The Fed and West Coast Wildfires. More of a Link Than You Might Think.

We’re in no danger of fire, but we are trapped in the house with the air filter going full blast.  If you want to understand how bad it is, take a look at this air quality map (with smoke plumes enabled) from the EPA.  Heading to clean air means driving 4+ hours over the Sierras to somewhere East of Reno?!?  Smoke all the way to Michigan?  This is nuts.

But what’s the connection to the economic policy?  The same short-term-greedy, long-term-stupid calculus is apparent in both the wildfires and the Fed.

Averting Small Disasters Creates an Eventual Mega Disaster.  Hopefully on the Next Guy’s Watch…

While climate change isn’t helping the fires, the immediate problem is the bill coming due for 100 years of fire suppression.

  • Instead of letting fires burn (frequent small, relatively manageable wildfires), we kept putting them out.  Ever-more heroic, telegenic pushes.  Water tankers and helicopters.  Applause all round after disaster has been averted.
  • The dry tinder builds up.
  • Eventually, you get huge, destructive, mega fires.

The above is obvious and well documented.  We also have an obvious and well documented solution.  Prescribed burns.  See this excellent New Yorker article for an in-depth look at the whys (and why-nots-even-if-its-stupid) of fire management.  Or this Guardian article.

But we reliably choose to increase our long-term risk of disaster to avoid taking a short-term risk of (smaller) immediate loss.  Why do we do that?  Partly because we are humans.  Our brains are wired to overweight the short-term over the long term.

Partly because no executive wants to be responsible for a disaster (e.g. a burn going out of control).  Let the next guy take the hit.  Because our brains are definitely wired to pass the buck if we can.

Dumping Money On Every Financial Market Fire Also Risks an Eventual Mega Disaster.  Possibly Not on the Next Guy’s Watch…

The Fed has been doing the financial equivalent since the mid 90’s.  Heroic helicopter drops of money every time the market catches fire.  Money that never quite goes into “real economy” circulation or gets mopped up.  As evidenced by massive increases in money supply with concurrent massive declines in monetary velocity (see post here).

All that look worryingly similar.  Dry tinder building up against a backdrop of climate change (the aging boomer demographic in the financial case).

As with forest fires, the problem is that you never know when a whole pile of cash is finally going to go up in smoke.  It might have been the 2008 Financial crisis.  It wasn’t.  It might (still) be the 2020 pandemic.  We might also get by.  I have no better idea than the next guy, even if I were sitting next to Chairman Powell.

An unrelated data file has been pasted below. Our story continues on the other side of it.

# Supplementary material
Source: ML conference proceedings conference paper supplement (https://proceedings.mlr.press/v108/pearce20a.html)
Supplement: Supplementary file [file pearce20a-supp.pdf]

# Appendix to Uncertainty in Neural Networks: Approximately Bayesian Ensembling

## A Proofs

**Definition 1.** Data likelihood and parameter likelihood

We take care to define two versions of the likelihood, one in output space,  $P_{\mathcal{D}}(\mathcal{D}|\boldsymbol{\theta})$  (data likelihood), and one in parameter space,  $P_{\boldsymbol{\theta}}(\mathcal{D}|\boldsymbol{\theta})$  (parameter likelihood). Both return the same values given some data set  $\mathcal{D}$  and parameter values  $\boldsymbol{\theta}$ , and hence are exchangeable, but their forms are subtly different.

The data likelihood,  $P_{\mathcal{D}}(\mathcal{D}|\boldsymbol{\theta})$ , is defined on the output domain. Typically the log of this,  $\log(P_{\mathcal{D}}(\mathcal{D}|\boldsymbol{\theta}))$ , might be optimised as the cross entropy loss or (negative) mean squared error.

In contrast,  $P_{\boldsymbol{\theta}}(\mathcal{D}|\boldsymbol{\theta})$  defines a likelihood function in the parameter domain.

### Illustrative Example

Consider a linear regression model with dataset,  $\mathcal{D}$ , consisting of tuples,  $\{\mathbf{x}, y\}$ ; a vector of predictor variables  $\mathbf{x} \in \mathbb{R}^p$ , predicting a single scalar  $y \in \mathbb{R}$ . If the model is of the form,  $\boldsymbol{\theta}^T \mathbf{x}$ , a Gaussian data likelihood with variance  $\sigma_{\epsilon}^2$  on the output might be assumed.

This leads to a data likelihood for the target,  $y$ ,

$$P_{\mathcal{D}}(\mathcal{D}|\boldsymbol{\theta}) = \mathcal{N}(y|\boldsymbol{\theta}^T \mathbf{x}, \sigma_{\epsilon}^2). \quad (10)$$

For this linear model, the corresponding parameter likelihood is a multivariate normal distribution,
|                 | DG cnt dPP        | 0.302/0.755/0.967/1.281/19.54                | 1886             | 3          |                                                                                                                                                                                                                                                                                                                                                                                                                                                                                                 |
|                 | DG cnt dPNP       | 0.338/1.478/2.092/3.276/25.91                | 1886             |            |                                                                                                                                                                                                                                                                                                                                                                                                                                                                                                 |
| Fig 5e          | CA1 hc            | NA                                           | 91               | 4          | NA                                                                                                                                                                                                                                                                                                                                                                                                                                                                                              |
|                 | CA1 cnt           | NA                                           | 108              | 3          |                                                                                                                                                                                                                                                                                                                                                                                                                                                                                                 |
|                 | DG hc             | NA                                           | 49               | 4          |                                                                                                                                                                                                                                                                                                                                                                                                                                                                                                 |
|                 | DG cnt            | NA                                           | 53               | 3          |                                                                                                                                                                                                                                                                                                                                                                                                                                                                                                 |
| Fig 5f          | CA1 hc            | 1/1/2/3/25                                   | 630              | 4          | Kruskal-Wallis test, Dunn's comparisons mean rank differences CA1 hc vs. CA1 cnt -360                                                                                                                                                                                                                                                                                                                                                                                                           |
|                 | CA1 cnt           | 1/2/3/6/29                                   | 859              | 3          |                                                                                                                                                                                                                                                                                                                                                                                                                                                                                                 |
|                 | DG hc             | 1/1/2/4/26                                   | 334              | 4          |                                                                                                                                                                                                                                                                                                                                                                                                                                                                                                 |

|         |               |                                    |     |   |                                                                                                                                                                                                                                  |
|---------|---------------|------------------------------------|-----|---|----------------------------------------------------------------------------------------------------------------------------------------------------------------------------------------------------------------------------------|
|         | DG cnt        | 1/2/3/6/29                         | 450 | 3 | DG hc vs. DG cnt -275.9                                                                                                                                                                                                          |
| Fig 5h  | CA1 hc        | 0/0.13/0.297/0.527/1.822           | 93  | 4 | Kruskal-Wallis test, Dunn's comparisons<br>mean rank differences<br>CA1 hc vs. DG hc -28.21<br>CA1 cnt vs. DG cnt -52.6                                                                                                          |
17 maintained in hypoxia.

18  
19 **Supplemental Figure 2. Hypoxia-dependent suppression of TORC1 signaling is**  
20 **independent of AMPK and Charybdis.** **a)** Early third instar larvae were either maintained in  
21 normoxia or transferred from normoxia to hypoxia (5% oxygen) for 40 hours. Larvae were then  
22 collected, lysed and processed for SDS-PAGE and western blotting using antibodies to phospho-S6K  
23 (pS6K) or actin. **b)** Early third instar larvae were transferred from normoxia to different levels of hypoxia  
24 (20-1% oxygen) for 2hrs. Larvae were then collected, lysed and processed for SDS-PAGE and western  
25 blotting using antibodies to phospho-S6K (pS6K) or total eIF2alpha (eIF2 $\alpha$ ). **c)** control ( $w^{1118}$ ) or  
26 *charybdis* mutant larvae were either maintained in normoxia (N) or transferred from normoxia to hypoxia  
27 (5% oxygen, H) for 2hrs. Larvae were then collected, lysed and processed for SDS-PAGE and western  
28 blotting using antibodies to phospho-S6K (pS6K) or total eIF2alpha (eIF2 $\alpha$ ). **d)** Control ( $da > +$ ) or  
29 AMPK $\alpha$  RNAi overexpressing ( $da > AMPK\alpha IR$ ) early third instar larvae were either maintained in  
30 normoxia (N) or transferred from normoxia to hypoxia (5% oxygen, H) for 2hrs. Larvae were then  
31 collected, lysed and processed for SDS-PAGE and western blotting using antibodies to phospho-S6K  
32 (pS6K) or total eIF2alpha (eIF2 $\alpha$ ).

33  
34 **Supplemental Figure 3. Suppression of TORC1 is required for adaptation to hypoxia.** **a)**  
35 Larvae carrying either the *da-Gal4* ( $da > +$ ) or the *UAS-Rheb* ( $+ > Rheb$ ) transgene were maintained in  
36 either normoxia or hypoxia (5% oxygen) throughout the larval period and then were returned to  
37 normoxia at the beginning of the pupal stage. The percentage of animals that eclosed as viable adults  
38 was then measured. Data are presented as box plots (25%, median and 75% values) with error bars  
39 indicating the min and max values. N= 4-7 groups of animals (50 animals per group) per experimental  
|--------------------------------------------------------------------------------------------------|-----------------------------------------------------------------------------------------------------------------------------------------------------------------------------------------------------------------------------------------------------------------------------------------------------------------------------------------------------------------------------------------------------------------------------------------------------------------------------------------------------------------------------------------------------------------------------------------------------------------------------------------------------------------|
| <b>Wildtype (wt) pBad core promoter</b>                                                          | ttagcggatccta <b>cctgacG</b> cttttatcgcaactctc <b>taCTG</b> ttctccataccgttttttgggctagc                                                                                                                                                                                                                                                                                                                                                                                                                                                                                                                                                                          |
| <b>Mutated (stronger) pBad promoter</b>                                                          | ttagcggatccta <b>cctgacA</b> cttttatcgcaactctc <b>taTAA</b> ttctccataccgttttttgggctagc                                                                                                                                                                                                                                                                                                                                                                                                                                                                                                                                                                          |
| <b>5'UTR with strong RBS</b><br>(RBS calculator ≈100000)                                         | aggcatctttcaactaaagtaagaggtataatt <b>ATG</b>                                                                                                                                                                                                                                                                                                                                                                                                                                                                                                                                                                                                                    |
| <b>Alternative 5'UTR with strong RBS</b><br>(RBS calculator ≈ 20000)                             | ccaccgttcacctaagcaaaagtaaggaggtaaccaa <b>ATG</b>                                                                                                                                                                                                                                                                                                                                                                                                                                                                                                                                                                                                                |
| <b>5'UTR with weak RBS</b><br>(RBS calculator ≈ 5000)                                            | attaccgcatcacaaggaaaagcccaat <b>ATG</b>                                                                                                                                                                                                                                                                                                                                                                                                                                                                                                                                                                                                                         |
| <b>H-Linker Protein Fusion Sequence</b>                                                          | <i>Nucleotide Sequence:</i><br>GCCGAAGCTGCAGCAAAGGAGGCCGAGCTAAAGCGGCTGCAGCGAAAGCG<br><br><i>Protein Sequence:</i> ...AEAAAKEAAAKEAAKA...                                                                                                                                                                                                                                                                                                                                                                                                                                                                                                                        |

But We Do Know There is a Lot of Dry Tinder Out There.

We also know the conflagration would be pretty ugly if it gets going.  The risks (and eventual damage) go up with every “successful” intervention.  Especially as the boomers don’t have the time to dig themselves out of a financial hole before they retire.  If their asset values go down (and stay down), we will end up carrying a lot of impoverished old folks for a very long time.  Old people who have the time to vote.

The above is why I remain cautious.  I don’t think know better.  Lord knows I’ve been super duper wrong for the past 6 months.

But we all know there is a lot of dry tinder out there.  At some point, it starts to make sense to pack up the car and evacuate at the first whiff of smoke.  Even if your end up looking foolish.  I’d also note that, in a financial sense, too many people packing up the car and evacuating is also known as a “market crash.”

We are also hardly out of the (dry, tinder-filled) woods.  I still look ahead and (still) seeing more uncomfortable “uncertainties” than manageable “risks.”  FYI, In the language of Economics. there is a bright line definitional difference between the two words:

  1. risk is present when future events occur with measurable probability
  2. uncertainty is present when the likelihood of future events is indefinite or incalculable

Rather than ranting on, I’ll link to this excellent FT article  as a summary of the negatives.  I have no idea if he is right.  He has no idea either.  That is sort’ve the point.  We have a lot of “uncertainties” over the next 6-12 months and a lot of dry tinder about …

FYI Monetary Velocity Has Crashed Since March.  Follow Link Chart Doesn’t Display.




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